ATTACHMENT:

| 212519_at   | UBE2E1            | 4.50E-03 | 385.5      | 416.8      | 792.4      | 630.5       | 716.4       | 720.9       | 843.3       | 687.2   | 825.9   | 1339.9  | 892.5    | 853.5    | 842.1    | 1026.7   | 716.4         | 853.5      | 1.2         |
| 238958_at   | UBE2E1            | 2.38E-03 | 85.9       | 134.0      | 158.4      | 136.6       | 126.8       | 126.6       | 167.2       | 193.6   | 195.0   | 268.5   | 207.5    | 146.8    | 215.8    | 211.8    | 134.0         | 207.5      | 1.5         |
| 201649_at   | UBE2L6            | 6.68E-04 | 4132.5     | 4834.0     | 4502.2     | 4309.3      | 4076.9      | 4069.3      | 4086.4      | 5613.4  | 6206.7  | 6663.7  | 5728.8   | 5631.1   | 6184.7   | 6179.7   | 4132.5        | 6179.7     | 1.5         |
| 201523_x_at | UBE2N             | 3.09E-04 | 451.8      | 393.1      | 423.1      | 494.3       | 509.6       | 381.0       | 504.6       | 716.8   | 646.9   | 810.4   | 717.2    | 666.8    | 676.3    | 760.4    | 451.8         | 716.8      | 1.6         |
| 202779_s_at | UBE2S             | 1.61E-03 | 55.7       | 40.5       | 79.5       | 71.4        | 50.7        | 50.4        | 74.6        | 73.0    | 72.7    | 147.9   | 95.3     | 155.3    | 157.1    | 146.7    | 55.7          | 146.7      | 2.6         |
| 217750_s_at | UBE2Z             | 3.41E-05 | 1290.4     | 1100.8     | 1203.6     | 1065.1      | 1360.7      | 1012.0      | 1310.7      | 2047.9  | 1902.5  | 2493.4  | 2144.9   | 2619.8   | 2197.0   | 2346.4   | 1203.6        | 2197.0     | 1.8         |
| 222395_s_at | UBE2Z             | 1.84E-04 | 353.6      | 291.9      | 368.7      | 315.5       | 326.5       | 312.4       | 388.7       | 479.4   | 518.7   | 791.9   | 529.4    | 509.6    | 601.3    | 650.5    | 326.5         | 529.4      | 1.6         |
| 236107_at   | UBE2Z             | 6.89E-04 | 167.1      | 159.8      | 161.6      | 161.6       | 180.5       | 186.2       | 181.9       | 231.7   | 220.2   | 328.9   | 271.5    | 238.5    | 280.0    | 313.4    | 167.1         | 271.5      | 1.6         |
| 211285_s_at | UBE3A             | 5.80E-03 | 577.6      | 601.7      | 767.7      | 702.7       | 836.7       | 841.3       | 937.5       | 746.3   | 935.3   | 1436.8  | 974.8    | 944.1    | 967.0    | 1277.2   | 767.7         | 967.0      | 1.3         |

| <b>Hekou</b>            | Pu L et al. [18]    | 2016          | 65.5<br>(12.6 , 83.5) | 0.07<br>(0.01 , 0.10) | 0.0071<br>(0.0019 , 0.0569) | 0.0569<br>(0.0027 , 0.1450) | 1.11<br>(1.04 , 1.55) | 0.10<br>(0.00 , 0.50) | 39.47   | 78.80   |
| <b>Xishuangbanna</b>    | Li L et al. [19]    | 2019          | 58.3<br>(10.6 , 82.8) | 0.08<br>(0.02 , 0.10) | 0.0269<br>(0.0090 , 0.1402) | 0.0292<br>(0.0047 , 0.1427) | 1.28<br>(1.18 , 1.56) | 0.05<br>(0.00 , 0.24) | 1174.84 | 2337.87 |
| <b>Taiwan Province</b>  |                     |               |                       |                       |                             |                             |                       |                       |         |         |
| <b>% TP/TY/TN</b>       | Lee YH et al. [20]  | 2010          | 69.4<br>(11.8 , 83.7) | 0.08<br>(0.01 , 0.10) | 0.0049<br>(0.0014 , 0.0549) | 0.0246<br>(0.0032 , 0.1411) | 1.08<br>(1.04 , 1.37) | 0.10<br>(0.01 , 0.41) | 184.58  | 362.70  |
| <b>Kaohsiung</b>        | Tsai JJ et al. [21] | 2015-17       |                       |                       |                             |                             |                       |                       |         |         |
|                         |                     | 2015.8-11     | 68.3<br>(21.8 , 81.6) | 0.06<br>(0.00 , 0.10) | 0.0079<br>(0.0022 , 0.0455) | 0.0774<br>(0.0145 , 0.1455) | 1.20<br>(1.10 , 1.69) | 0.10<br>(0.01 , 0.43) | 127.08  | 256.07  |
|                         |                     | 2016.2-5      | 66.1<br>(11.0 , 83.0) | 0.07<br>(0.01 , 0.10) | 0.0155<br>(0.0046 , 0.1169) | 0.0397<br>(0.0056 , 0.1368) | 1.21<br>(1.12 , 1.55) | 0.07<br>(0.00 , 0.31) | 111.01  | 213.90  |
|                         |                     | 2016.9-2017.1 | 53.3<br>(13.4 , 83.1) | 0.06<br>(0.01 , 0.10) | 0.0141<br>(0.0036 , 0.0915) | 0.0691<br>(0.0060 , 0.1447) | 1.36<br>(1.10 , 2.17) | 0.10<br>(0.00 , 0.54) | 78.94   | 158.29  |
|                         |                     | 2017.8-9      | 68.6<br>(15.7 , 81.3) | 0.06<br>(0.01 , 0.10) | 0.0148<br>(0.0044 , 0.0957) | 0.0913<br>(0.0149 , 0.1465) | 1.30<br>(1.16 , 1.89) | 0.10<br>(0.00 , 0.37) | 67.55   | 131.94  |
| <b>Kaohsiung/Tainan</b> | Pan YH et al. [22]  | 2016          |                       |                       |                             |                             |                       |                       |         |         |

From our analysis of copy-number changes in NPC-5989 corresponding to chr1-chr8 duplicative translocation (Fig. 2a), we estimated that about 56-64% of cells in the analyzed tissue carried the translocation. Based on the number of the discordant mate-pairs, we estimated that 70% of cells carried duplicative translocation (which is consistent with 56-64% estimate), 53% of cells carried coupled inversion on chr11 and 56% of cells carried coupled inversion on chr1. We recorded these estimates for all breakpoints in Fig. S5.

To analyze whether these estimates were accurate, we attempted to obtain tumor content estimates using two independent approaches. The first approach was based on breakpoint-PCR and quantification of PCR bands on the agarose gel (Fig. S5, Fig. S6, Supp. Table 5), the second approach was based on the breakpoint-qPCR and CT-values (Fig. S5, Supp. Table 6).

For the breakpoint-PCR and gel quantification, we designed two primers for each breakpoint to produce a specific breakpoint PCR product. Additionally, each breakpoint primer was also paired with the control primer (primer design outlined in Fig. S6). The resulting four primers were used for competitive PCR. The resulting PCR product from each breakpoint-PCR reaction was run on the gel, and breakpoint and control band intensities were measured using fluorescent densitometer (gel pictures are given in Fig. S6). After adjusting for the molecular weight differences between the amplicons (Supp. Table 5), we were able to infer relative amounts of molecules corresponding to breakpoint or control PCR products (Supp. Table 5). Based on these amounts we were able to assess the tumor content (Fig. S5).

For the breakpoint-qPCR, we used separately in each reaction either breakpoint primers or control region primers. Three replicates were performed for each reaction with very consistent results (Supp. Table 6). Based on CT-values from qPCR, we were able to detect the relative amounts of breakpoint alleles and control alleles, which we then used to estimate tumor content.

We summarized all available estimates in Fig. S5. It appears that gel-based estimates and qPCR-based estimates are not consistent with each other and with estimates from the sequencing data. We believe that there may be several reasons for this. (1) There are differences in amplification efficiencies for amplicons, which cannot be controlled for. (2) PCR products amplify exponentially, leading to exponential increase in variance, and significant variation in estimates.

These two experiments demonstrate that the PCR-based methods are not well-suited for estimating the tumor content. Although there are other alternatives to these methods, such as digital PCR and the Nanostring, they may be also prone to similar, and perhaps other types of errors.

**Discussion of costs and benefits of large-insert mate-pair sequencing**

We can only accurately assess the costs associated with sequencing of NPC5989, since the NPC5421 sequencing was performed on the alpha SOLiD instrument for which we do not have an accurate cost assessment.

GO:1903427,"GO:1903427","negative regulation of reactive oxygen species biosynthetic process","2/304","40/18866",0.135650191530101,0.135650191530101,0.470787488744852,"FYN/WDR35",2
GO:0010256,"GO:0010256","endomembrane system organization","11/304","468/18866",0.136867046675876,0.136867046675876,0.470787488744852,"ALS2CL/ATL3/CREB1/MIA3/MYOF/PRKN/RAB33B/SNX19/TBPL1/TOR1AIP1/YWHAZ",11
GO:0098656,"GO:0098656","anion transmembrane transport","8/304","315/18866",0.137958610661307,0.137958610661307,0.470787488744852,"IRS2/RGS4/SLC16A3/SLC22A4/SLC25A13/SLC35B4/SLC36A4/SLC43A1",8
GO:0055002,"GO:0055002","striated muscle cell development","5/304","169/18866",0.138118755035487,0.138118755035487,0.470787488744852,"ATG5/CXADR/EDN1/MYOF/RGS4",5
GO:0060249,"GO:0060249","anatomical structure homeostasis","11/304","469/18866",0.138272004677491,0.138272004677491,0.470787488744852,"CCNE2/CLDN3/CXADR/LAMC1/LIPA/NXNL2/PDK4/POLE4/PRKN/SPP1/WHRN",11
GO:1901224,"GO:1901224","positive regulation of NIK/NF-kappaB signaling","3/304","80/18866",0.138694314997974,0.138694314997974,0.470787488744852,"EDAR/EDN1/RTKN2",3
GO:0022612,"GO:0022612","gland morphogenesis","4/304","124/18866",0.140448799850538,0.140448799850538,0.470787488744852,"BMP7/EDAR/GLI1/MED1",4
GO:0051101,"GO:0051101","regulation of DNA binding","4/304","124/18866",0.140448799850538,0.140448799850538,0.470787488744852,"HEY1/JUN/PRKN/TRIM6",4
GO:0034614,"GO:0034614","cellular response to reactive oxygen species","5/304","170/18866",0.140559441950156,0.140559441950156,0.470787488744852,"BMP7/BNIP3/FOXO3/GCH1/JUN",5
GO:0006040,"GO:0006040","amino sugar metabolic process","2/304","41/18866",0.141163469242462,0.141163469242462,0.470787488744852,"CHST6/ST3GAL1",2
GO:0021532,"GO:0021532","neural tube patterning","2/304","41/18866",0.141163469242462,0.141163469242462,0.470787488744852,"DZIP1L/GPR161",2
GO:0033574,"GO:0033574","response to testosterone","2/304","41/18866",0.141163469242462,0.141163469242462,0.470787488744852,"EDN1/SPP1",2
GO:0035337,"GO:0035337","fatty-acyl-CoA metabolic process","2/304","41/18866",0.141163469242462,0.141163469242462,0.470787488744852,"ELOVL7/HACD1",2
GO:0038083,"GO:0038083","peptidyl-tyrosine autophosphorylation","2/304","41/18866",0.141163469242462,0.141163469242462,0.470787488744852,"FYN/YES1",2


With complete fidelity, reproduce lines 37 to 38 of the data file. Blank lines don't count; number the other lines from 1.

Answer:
GO:0006040,"GO:0006040","amino sugar metabolic process","2/304","41/18866",0.141163469242462,0.141163469242462,0.470787488744852,"CHST6/ST3GAL1",2
GO:0021532,"GO:0021532","neural tube patterning","2/304","41/18866",0.141163469242462,0.141163469242462,0.470787488744852,"DZIP1L/GPR161",2